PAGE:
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FATHER-SON FINALE: Dick and Rick Hoyt are among the most recognizable faces at the Boston Marathon. Rick has cerebral palsy and his father, Dick, pushes him along the course in a wheelchair every year. They’ve completed Boston 30 times.

They’re so beloved that there’s a statue in their honor in Hopkinton, where the race starts. They didn’t get to finish last year because of the bombing. This will be their last time doing the marathon together — Dick is 74 — though Rick plans to continue with someone else pushing him.

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SAFE RETURNS: John Stuart, 57, has run Boston 19 times and lives about three blocks from the finish line. He had a 16-race streak going and planned to run this year until he got a bug and was told not to by his doctor Friday.

Instead, he’s scratching something off his bucket list, watching the elite runners cross the finish line for the first time and cheering on friends.

Stuart was running the race last year for the BAA team and finished about half an hour before the explosions. His wife, daughter and son were still in the finish line area when the bombs went off. His wife, Kathy, was knocked down. But none were seriously hurt.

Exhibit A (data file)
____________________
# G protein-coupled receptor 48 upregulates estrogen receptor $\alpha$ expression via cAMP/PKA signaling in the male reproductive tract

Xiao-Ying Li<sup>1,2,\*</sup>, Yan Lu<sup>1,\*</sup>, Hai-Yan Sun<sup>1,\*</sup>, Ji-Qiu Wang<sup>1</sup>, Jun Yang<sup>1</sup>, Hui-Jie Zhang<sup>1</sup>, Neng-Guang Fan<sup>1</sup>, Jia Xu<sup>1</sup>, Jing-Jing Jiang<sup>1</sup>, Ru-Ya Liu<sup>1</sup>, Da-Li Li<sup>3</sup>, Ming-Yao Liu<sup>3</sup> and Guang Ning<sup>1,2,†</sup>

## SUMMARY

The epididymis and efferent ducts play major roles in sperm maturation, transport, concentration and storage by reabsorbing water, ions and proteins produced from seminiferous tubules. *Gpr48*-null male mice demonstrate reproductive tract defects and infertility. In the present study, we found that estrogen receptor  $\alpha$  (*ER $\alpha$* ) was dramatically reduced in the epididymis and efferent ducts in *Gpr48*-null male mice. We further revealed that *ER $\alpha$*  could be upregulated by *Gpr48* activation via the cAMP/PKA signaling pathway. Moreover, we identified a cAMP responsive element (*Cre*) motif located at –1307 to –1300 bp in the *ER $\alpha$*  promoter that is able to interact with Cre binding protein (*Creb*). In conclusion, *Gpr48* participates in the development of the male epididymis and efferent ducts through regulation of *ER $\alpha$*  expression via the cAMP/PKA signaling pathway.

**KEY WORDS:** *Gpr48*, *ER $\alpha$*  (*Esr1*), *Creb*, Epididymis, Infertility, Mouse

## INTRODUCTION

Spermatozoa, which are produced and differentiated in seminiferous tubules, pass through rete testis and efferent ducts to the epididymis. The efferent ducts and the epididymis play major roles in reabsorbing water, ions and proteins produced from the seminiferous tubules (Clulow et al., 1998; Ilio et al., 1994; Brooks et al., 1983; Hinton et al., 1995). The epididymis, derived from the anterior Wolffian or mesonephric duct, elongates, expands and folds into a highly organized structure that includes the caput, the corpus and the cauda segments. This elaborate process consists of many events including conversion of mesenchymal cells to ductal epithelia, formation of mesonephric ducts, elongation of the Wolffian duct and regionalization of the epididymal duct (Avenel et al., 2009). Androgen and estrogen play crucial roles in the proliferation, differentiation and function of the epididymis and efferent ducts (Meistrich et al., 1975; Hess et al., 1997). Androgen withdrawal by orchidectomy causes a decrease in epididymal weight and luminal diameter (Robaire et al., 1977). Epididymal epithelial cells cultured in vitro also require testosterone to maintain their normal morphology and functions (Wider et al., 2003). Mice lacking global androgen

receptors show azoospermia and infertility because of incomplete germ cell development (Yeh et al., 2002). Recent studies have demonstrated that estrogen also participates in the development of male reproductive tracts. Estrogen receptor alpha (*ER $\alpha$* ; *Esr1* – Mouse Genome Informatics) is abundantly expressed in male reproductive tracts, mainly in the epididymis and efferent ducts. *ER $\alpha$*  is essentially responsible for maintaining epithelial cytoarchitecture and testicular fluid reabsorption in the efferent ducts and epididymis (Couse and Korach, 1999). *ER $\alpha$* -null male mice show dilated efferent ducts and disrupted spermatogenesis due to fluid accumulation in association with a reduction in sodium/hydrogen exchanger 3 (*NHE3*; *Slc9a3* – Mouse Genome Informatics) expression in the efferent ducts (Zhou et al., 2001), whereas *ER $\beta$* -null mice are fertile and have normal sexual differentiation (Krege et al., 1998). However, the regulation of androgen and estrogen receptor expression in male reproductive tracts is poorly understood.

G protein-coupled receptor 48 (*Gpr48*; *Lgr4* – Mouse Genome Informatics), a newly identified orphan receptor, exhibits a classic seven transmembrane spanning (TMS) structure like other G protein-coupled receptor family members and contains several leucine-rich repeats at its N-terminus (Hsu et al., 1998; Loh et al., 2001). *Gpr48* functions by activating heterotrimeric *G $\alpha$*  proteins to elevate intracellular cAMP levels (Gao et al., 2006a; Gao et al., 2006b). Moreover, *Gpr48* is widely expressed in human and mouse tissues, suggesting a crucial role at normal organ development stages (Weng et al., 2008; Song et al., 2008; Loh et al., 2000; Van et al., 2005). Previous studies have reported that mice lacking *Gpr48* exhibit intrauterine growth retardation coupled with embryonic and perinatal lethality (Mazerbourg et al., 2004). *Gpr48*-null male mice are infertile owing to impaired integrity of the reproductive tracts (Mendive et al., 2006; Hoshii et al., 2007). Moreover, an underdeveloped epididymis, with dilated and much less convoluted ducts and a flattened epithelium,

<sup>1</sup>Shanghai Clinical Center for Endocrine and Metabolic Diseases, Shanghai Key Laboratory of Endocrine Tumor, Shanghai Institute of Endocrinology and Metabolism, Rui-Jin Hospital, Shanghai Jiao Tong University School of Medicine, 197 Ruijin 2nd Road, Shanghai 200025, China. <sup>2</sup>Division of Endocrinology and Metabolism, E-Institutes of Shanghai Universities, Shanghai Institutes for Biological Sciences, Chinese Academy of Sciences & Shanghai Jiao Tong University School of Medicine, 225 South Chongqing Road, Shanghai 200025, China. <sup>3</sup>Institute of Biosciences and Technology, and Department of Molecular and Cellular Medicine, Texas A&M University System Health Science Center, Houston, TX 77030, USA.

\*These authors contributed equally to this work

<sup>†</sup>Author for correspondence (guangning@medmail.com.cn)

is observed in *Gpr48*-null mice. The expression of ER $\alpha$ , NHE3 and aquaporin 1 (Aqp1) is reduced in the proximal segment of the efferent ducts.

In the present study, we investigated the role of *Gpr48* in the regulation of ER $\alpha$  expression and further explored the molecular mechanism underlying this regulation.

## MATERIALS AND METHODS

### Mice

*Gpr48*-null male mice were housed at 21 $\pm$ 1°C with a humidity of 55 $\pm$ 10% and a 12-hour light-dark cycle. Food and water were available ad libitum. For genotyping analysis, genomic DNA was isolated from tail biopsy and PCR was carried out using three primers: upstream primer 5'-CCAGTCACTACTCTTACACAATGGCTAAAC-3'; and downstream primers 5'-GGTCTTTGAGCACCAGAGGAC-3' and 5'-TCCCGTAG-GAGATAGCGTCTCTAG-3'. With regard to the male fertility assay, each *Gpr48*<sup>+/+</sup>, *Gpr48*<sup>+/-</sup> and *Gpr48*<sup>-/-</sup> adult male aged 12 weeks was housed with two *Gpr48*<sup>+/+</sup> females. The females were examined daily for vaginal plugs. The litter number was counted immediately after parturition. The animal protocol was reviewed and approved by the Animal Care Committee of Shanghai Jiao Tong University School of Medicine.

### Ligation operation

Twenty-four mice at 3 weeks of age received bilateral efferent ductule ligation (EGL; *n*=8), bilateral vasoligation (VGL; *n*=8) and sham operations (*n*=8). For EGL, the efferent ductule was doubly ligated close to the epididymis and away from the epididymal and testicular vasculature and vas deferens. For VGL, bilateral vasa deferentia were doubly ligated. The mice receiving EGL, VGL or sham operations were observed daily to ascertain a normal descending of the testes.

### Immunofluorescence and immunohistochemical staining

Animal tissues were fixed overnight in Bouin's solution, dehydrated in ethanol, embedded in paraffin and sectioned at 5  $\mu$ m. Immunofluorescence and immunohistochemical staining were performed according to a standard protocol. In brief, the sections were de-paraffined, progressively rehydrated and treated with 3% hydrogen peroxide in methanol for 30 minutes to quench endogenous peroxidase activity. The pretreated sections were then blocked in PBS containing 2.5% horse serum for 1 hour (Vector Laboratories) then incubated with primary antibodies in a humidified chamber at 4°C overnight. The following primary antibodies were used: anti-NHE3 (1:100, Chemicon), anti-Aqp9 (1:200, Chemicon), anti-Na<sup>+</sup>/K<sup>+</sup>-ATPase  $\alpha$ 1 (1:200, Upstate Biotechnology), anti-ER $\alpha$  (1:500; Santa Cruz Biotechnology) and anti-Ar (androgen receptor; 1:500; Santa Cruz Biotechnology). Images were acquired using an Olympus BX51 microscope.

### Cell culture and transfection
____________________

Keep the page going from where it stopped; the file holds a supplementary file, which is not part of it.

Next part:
They’re sitting just a few feet away from the place where they watched last year. Kathy says she figures they were lucky in that spot last year, so why not come back?

A bomb-sniffing police dog earlier checked his family’s chairs and the bags of people sitting nearby.

“It’s sad that it’s come to this,” Kathy said. “You can’t just walk and go to a race. It costs the city a whole lot of money. I’d rather have it be this way: safe.”

— Michelle R. Smith — www.twitter.com/MRSmithAP

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ALL THE WAY BACK: Among the returning runners is 58-year-old Carol Downing, of Monkton, Md. Daughters Erika Brannock and Nicole Gross were badly hurt last year as they waited for her to finish. Downing was stopped about a half-mile from the end of the race.

Both daughters will be in Boston this year to see their mom run, but they’re still debating whether they will return to the finish line.